Rounding the corner

The last major bit of our stepstool is to make the axle that the legs rotate around.  This is a piece of hickory that I had.  Hard to beat the resilience of hickory for something like this, though ash comes a close second (there’s reason that those two species provide the hafts for almost all the tools out there).  It’s a bit of a stretch for the bearings on my old lathe, but I manage.

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Now I go ahead and drill and countersink the pilot holes for the screws that will actually hold the stool together.  The specification was for brass screws, but I prefer to rely on the greater strength of steel ones, even if they aren’t as glitzy.  Be sure to use a reliable depth stop when you’re drilling into the legs so that you don’t poke through the edges.

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Finally, I depart from the specification in a minor way by putting a bullnose profile on the steps.  The square edge is just unfriendly to my mind.  I use my #4 smooth plane for this.  It’s faster than a rasp, and there’s less sanding afterward.

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Actually assembling this stepstool is a bit of a thought exercise.  You have to put the axle inside the front legs at the same time as the bottom step, then attach the back framework around the front assembly, finally attaching the top step to cap off the whole thing.  You wind up thinking that you were definitely, definitely shorted a couple of hands.  But it is doable.  Once it’s together, you will need to level the feet.  Be sure to bevel the bottoms of the feet once you level it off so that they won’t splinter.

A note on finishing.  Given the complexity and overlapping nature of the mechanism, it’s easier to sand and finish before you screw it together.  Also, because you’ve got parts rubbing against each other, a film finish (like shellac) or paint are not good candidates for use as they will bind up.  I used an oil finish here and it keeps everything moving smoothly.

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Kind of a stretch

Once the rounded bearing surfaces are trued, and the holes for the axle are bored, we can put in the stretchers on the back legs.  Be sure to mark from the top end, and as always, try to mark the two legs together for consistency.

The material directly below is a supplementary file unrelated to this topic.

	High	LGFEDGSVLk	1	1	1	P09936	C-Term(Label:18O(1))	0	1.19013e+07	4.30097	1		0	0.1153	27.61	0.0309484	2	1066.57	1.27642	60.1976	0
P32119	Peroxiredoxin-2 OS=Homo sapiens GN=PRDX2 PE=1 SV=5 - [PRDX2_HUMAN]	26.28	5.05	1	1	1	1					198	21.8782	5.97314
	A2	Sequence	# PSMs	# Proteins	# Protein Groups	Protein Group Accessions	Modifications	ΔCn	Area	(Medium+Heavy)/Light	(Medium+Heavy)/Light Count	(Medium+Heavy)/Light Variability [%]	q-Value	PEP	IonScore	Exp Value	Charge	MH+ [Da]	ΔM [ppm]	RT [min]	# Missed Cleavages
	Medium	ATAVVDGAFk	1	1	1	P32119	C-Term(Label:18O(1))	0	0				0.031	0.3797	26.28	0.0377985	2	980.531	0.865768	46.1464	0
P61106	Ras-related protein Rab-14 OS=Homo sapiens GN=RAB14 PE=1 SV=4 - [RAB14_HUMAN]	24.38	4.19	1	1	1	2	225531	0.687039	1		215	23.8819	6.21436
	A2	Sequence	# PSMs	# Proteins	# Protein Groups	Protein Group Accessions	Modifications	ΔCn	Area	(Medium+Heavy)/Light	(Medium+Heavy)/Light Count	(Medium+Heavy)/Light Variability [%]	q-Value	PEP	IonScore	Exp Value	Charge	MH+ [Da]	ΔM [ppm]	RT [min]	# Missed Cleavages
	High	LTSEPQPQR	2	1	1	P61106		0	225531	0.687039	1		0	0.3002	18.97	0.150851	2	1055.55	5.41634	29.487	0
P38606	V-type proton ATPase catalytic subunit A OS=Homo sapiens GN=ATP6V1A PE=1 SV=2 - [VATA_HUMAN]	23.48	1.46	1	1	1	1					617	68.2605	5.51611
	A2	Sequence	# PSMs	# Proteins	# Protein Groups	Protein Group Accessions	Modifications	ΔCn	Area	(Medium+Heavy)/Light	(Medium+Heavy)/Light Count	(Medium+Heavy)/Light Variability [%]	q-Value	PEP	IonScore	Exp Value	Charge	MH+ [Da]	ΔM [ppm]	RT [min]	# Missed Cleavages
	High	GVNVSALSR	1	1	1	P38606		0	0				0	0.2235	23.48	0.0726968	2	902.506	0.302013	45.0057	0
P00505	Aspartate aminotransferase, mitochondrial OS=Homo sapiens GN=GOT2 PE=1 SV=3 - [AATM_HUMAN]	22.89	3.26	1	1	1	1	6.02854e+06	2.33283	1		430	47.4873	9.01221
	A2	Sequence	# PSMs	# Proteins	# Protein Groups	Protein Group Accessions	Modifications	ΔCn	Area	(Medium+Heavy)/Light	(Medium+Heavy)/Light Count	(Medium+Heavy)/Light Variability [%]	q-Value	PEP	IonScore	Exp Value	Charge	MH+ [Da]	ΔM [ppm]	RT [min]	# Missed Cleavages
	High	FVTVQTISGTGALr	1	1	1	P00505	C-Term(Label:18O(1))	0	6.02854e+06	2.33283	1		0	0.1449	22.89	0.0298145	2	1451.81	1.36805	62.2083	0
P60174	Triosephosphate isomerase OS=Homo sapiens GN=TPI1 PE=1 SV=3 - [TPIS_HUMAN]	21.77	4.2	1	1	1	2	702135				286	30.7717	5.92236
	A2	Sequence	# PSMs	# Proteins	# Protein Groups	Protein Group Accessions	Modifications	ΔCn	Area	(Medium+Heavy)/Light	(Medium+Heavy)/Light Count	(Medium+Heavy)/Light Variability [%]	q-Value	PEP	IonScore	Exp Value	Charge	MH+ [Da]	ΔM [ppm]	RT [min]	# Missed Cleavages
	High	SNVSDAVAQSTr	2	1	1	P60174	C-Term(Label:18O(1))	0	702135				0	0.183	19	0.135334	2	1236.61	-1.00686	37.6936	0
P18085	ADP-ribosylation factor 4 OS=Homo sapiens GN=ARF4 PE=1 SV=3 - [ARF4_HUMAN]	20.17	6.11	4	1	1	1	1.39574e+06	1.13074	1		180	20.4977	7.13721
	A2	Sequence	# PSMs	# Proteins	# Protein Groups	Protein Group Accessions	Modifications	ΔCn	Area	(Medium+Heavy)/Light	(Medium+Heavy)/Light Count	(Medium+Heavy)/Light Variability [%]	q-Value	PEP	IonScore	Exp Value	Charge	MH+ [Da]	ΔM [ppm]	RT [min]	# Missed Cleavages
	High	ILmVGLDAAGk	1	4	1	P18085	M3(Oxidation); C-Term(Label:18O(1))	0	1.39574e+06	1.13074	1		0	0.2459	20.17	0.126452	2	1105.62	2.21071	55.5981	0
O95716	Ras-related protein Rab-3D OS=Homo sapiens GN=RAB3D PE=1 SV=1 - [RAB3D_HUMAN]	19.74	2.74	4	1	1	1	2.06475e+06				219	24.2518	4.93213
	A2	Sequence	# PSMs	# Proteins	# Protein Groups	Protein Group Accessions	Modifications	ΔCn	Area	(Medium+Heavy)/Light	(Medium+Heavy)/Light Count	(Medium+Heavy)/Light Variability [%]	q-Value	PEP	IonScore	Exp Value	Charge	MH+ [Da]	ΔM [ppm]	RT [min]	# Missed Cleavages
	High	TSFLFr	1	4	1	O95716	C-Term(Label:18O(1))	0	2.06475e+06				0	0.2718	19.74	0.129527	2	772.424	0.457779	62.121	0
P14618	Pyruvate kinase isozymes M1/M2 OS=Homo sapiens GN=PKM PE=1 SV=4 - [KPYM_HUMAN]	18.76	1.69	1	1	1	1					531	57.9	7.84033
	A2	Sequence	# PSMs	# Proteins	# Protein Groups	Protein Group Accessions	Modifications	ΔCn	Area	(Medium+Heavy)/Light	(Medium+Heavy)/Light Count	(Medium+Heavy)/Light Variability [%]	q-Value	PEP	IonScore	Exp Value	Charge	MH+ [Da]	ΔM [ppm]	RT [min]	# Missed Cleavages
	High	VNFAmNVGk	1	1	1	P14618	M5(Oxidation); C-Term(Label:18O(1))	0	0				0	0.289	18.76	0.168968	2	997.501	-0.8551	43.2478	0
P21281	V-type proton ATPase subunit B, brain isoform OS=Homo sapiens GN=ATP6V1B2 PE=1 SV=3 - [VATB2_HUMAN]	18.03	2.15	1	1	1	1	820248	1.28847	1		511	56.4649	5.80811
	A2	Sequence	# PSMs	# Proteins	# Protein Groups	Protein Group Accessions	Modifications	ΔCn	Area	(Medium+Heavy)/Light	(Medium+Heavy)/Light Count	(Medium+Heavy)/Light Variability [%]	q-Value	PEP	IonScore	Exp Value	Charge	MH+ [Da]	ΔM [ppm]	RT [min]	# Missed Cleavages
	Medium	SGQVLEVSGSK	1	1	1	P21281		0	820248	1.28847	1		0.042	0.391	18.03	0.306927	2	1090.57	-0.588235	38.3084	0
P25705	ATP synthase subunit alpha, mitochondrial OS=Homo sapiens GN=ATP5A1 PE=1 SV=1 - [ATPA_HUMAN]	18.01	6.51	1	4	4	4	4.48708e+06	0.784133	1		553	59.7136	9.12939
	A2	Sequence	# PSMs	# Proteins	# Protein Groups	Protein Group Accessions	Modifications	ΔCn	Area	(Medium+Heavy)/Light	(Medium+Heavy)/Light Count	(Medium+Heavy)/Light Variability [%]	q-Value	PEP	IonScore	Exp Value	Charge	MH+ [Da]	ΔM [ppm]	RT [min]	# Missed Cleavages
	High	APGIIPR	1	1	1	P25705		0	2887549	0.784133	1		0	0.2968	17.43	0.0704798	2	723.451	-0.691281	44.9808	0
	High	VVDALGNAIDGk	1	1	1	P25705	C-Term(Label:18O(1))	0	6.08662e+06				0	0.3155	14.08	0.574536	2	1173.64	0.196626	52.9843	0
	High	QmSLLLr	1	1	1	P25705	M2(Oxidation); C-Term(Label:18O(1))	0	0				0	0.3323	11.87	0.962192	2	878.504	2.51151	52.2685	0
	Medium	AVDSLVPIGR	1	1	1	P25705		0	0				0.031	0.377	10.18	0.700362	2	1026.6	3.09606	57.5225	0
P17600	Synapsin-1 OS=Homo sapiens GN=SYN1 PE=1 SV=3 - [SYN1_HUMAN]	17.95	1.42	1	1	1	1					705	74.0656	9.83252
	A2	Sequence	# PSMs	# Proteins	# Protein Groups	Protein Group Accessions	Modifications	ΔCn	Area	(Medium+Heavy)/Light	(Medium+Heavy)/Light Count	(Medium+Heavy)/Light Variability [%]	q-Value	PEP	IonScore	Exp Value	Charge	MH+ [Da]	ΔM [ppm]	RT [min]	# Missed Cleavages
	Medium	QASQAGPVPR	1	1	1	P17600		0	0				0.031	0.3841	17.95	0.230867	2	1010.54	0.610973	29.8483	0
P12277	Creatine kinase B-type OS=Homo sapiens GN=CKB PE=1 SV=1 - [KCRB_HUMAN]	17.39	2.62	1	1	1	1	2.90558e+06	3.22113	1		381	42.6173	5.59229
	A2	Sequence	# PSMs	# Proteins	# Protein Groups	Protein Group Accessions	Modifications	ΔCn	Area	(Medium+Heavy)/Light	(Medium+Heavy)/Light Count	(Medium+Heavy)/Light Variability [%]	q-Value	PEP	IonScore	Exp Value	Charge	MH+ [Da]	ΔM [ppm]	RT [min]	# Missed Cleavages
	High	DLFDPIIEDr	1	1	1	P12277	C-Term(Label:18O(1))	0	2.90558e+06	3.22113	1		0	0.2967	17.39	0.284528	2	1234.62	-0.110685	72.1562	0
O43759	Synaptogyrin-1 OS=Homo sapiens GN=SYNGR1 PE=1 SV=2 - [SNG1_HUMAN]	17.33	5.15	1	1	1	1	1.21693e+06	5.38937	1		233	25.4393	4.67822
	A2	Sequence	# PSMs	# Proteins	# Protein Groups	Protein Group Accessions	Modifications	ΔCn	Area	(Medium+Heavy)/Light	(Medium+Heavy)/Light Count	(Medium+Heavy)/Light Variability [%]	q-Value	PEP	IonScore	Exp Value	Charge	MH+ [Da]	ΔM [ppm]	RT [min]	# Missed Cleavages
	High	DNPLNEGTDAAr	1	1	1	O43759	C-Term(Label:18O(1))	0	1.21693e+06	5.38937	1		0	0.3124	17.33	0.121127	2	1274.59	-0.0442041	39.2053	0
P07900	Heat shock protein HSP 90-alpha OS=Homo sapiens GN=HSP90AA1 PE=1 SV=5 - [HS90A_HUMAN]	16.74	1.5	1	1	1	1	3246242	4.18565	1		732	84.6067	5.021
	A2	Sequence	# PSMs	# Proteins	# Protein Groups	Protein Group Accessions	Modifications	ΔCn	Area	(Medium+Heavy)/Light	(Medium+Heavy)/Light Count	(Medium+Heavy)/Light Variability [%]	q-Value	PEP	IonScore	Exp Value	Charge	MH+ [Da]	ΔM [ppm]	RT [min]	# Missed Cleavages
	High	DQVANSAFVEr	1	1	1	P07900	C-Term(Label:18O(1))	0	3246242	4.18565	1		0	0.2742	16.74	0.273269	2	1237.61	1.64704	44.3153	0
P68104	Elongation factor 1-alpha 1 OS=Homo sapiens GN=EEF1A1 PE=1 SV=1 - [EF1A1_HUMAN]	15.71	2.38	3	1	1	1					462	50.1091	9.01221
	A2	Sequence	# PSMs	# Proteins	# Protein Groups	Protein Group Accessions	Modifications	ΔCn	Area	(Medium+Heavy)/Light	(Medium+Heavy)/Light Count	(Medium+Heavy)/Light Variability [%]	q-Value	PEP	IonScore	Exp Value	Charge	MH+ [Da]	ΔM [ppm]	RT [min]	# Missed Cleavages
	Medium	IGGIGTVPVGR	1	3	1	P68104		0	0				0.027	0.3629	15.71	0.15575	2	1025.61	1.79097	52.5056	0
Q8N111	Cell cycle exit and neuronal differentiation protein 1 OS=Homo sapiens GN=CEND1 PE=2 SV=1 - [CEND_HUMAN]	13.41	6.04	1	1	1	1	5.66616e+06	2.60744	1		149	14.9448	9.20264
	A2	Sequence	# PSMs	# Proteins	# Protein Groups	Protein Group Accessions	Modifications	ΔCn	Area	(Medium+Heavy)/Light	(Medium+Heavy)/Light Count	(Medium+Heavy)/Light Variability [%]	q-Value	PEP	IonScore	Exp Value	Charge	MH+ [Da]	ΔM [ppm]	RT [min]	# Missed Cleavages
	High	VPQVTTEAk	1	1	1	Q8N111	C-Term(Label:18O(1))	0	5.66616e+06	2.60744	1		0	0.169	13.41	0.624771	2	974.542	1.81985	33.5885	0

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The stretchers are attached with a lap joint.  As there are several “show” surfaces, it is important to be careful in your fitting.  They’ll be screwed down later, but they should hold themselves together at this point by friction alone.

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Two stretchers make for four joints, which will take a little while to cut well, but persevere!  Once you’re done, you can see what the back half of the stool will look like.  But don’t secure it yet!  Our stool is only mostly done, and we’ll need to affix the back legs around the front ones and an axle before we can screw them down.

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Rounding error

Technically, we’re trying to avoid error in this bit especially.  This is the working part of our stool, the centre that the whole thing quite literally revolves around.  We have a lot of very specific marking.  Locate the hole for the axle before you cut anything, as you will lose some reference surfaces in the process.

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Once I had everything laid out, I cut and trued the rounded ends as consistently as possible.  As always, try to do both at the same time.  Not only is it faster, but it will create a more accurate surface across the piece.

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Finally, bore the holes for the axle.  Next time we’ll put in the stretchers, completing our rear sub-assembly.

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Dead as a dado

Er, not so much.

But we are on to the joining of the step to the legs.  This requires a housing dado.  IT IS IMPORTANT that you measure from the top edge…on both pieces.  If you scribe them together, this will facilitate this.  We must measure from the top since the bottom of the legs will get levelled later on, and we want the step level.  If we measure from them as they are, it will (in all likelihood) turn out to be off a bit.  Also notice that they are cut with the same setting on the protractor that we used for the top angle.  If you use a regular square, you’ll be quite disappointed with the results.  But with a little care, they’ll turn out okay.